What I want to look at more closely in this article is more so the dangers of multiplayer. What happens when originality disappears? When that sense of freshness is gone, and we’re left with the dull and the uncreative? With anything in life, the more popular something is, the more you see it, the more desensitized you become to it, and therefore the more boring it eventually becomes.
Call me old fashioned but for me, gaming will always be first and foremost a single player affair. I see multiplayer for the most part as an addition to prolong and extend a game’s appeal. But for me, the main dish is the single player. But now, with almost every game offering some sort of multiplayer component, it’s hard to stand out. And that’s the problem.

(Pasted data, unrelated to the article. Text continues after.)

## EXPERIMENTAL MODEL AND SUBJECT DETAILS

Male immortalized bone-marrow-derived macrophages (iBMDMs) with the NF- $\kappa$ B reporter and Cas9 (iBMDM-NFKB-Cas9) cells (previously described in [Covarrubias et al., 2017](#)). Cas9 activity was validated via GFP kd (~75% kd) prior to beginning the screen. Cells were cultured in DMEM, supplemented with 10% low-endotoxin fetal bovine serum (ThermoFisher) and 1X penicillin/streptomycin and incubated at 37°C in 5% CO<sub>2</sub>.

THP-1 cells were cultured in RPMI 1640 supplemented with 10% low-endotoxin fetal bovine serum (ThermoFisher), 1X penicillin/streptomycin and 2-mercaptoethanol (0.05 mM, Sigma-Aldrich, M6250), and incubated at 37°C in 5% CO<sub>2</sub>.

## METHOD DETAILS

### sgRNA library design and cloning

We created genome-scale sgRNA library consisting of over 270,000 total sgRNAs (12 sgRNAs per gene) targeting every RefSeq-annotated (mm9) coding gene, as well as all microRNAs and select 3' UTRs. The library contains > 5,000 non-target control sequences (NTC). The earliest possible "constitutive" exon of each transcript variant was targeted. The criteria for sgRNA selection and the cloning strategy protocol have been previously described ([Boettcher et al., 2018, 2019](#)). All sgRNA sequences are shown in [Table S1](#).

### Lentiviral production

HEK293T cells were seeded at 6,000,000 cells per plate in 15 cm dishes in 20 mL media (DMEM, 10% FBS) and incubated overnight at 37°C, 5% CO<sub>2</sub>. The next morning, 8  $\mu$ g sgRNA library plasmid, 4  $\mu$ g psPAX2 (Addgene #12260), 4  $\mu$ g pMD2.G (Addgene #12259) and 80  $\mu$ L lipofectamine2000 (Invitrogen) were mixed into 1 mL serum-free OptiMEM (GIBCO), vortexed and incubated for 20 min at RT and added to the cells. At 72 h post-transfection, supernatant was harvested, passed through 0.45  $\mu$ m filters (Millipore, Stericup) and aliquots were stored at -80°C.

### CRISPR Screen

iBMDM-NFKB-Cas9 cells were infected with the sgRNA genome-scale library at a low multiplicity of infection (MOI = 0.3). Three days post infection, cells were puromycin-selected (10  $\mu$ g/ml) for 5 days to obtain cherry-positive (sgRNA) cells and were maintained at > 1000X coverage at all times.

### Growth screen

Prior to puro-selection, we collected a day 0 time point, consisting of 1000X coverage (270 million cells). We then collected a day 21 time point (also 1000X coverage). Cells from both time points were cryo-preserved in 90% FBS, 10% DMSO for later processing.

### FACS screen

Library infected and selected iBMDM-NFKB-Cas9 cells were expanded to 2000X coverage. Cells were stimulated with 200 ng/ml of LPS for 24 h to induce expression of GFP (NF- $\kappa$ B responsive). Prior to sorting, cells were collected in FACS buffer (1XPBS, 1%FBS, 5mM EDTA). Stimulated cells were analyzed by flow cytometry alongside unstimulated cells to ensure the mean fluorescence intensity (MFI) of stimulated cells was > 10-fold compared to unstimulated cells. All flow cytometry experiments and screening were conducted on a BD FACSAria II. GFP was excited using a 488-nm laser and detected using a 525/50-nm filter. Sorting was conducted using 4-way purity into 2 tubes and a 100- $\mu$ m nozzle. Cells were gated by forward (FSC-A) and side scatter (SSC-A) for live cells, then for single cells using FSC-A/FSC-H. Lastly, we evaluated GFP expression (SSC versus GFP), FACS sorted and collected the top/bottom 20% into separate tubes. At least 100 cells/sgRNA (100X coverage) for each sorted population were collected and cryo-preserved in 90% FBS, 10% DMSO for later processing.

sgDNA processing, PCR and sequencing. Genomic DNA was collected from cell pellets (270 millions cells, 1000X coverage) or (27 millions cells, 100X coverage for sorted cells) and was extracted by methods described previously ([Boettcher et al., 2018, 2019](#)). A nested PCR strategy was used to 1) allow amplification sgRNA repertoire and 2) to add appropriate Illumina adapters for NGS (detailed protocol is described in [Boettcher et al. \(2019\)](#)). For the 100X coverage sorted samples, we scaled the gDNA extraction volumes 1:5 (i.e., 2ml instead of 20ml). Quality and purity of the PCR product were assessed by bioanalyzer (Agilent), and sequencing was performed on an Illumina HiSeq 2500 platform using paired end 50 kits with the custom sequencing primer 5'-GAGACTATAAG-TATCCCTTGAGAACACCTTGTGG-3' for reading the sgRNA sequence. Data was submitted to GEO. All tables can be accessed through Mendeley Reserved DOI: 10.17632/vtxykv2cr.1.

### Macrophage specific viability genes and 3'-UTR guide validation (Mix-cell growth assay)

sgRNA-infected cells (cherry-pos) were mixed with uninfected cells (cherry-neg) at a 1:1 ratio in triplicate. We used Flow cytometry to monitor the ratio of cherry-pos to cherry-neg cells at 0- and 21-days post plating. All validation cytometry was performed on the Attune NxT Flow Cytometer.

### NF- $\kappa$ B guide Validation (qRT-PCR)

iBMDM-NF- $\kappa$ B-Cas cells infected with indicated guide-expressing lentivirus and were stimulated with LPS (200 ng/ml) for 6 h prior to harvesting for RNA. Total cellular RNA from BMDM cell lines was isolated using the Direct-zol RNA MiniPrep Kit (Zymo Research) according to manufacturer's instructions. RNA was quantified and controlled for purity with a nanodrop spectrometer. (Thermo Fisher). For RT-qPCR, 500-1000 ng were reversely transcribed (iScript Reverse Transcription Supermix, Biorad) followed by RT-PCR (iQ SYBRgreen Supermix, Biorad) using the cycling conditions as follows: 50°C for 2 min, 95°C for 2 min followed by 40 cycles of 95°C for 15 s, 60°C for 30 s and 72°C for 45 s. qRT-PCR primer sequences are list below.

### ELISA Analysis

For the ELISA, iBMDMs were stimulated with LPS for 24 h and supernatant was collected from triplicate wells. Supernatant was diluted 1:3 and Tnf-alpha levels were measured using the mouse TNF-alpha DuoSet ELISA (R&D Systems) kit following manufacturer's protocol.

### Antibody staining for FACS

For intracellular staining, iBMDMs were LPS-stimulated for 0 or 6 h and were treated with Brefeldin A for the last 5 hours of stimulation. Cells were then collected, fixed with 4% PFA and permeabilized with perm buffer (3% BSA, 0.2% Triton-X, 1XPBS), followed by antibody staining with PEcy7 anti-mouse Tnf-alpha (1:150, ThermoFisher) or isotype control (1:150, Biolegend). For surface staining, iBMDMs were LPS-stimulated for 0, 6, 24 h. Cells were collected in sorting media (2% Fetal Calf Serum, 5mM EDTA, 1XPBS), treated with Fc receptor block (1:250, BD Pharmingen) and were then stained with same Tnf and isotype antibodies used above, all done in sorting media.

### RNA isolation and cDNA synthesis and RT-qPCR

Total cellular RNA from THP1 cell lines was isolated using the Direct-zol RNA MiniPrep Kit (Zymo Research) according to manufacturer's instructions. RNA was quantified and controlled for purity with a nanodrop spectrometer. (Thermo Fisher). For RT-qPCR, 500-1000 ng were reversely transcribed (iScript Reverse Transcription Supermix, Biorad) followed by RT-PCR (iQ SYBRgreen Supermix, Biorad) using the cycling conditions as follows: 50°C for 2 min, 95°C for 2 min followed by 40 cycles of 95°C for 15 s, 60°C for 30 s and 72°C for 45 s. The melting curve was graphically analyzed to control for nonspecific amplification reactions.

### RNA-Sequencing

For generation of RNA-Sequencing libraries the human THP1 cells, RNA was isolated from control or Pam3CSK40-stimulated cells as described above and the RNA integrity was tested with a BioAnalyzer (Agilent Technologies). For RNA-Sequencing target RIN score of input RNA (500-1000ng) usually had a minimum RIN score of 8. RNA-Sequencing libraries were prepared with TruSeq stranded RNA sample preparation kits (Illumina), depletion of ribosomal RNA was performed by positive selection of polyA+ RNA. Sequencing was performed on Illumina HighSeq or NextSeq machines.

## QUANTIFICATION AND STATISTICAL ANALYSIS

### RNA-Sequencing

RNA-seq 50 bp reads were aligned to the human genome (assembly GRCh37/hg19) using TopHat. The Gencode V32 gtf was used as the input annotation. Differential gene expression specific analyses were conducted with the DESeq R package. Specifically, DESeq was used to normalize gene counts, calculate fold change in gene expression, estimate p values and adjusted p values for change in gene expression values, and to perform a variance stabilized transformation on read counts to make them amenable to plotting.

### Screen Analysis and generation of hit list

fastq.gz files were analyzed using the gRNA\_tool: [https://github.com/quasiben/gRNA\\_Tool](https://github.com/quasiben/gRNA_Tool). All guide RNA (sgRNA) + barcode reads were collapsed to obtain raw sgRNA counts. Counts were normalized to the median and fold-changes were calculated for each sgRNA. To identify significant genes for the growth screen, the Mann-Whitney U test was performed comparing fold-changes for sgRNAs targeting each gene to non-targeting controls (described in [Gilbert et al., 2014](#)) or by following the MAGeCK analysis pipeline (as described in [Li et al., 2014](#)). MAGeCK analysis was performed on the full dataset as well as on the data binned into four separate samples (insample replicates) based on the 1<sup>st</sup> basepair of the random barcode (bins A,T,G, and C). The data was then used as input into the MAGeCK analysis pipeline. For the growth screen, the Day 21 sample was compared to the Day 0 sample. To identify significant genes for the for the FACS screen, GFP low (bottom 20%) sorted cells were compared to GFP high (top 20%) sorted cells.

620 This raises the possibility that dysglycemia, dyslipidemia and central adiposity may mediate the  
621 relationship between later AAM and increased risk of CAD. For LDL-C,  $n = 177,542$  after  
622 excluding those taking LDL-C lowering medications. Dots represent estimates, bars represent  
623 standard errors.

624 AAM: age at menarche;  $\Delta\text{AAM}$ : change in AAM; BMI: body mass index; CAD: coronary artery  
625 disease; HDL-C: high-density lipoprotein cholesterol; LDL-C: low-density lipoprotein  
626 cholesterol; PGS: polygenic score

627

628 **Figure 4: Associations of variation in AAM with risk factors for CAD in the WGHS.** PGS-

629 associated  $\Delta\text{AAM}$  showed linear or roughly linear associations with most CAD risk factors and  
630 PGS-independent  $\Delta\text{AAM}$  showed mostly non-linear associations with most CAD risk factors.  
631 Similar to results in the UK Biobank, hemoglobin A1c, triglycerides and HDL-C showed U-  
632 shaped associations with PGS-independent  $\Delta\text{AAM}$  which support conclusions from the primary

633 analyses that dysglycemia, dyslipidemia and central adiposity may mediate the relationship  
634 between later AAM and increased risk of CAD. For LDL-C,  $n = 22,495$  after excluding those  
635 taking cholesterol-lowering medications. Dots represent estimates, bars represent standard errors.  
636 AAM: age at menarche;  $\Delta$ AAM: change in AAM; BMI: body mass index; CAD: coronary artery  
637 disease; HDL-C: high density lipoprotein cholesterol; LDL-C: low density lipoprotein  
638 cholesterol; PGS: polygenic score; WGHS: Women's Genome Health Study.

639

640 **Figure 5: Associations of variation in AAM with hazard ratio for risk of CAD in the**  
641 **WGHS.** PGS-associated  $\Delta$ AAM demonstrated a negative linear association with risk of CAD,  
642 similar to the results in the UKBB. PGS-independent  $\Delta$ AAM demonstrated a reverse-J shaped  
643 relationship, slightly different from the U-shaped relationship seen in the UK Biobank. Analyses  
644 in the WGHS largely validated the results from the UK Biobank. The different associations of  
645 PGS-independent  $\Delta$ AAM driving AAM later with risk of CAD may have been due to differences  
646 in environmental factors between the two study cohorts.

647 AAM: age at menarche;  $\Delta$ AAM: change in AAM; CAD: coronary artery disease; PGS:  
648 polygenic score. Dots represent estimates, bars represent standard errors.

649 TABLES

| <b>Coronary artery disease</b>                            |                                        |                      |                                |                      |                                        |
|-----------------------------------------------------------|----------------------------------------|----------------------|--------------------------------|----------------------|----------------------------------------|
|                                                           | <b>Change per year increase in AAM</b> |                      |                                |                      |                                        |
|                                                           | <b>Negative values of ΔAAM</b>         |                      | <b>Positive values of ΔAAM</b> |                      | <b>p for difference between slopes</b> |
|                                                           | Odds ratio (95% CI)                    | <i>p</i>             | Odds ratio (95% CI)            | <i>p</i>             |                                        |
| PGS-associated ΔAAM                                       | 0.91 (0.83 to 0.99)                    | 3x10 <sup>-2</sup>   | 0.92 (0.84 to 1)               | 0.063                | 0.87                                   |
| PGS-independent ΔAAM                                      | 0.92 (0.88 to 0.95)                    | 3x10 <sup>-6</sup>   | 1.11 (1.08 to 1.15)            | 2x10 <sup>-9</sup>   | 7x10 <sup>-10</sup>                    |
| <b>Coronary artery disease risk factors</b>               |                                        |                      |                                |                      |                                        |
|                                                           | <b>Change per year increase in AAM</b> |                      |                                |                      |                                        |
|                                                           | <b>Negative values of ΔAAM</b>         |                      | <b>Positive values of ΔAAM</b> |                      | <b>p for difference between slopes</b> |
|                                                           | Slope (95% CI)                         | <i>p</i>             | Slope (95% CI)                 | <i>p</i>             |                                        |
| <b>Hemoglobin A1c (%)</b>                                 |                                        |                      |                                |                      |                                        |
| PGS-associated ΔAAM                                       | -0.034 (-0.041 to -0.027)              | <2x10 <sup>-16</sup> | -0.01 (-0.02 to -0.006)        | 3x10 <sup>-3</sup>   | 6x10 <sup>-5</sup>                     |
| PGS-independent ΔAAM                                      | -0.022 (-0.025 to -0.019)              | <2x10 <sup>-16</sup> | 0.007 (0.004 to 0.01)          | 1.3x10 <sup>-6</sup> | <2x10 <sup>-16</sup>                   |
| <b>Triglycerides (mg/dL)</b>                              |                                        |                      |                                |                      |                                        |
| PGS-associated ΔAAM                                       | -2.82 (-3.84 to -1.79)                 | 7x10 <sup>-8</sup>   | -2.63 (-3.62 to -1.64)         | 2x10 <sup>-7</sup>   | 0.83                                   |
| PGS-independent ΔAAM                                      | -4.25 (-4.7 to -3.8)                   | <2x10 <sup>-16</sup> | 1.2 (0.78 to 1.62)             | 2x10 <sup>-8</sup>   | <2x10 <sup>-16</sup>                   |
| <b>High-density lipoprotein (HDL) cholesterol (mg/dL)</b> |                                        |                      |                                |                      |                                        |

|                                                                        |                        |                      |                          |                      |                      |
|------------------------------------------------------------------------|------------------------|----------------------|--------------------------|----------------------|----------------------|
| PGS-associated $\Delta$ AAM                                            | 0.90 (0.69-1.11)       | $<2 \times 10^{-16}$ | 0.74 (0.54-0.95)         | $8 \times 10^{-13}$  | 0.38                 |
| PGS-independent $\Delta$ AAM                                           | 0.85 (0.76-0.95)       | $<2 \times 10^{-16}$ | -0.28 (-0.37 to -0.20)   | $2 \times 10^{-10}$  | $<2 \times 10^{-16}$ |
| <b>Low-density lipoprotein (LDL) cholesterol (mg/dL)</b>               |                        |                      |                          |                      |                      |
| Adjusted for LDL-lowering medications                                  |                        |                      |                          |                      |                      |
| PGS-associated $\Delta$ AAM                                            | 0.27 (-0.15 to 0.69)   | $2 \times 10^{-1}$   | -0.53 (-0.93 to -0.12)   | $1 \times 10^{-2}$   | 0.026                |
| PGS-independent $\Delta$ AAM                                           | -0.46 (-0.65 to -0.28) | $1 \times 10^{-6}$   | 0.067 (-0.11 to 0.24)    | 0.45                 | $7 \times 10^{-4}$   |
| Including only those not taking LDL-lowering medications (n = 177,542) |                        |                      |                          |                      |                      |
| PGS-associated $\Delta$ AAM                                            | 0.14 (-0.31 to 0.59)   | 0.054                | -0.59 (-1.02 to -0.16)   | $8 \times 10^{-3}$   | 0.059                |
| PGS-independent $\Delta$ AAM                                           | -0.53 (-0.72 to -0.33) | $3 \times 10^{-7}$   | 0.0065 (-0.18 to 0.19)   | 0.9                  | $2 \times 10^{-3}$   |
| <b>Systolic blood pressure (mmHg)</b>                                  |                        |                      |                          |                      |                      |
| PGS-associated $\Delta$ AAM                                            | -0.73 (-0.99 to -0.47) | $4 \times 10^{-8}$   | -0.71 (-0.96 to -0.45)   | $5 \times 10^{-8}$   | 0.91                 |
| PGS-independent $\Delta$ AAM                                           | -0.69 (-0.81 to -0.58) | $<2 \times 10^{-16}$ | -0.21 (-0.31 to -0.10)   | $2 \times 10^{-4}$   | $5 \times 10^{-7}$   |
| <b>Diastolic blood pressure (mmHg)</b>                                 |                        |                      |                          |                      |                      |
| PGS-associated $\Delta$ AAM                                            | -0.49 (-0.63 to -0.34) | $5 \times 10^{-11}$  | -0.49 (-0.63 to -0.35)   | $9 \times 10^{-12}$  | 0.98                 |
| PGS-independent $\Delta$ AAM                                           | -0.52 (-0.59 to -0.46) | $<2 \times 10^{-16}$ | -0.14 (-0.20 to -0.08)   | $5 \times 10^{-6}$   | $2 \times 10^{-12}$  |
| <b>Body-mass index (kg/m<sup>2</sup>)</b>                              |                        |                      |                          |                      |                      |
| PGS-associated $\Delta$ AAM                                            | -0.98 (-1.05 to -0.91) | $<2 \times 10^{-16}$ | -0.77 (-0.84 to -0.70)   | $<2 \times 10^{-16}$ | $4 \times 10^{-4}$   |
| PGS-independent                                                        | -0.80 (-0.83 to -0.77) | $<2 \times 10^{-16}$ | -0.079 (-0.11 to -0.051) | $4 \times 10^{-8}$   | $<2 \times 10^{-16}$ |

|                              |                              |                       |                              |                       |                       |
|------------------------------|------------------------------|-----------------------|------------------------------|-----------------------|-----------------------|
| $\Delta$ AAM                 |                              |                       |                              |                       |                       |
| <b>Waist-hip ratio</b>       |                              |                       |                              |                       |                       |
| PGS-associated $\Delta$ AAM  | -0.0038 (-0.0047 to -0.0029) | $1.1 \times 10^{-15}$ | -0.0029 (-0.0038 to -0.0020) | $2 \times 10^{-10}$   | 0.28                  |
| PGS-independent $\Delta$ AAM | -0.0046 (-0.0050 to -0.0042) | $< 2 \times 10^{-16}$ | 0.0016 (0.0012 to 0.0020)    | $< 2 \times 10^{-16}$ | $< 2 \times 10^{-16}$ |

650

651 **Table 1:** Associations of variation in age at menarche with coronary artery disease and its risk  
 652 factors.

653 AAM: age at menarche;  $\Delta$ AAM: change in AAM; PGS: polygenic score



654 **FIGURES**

I feel like too many developers are feeling pressured to include some sort of multiplayer component to their game, be it cooperative or adversarial. What this equates to is not only a weak addition into the online world, but one that feels tacked on, poorly thought out, and forced. Or even worse, routine. The worst part is that it also takes away time for the developers to focus on the single player experience, so in the end you’re left with two portions of a game, neither of them shining through as they could have or should have been. Either that or the focus and work goes into one component over the other, and lately multiplayer seems to be taking precedence.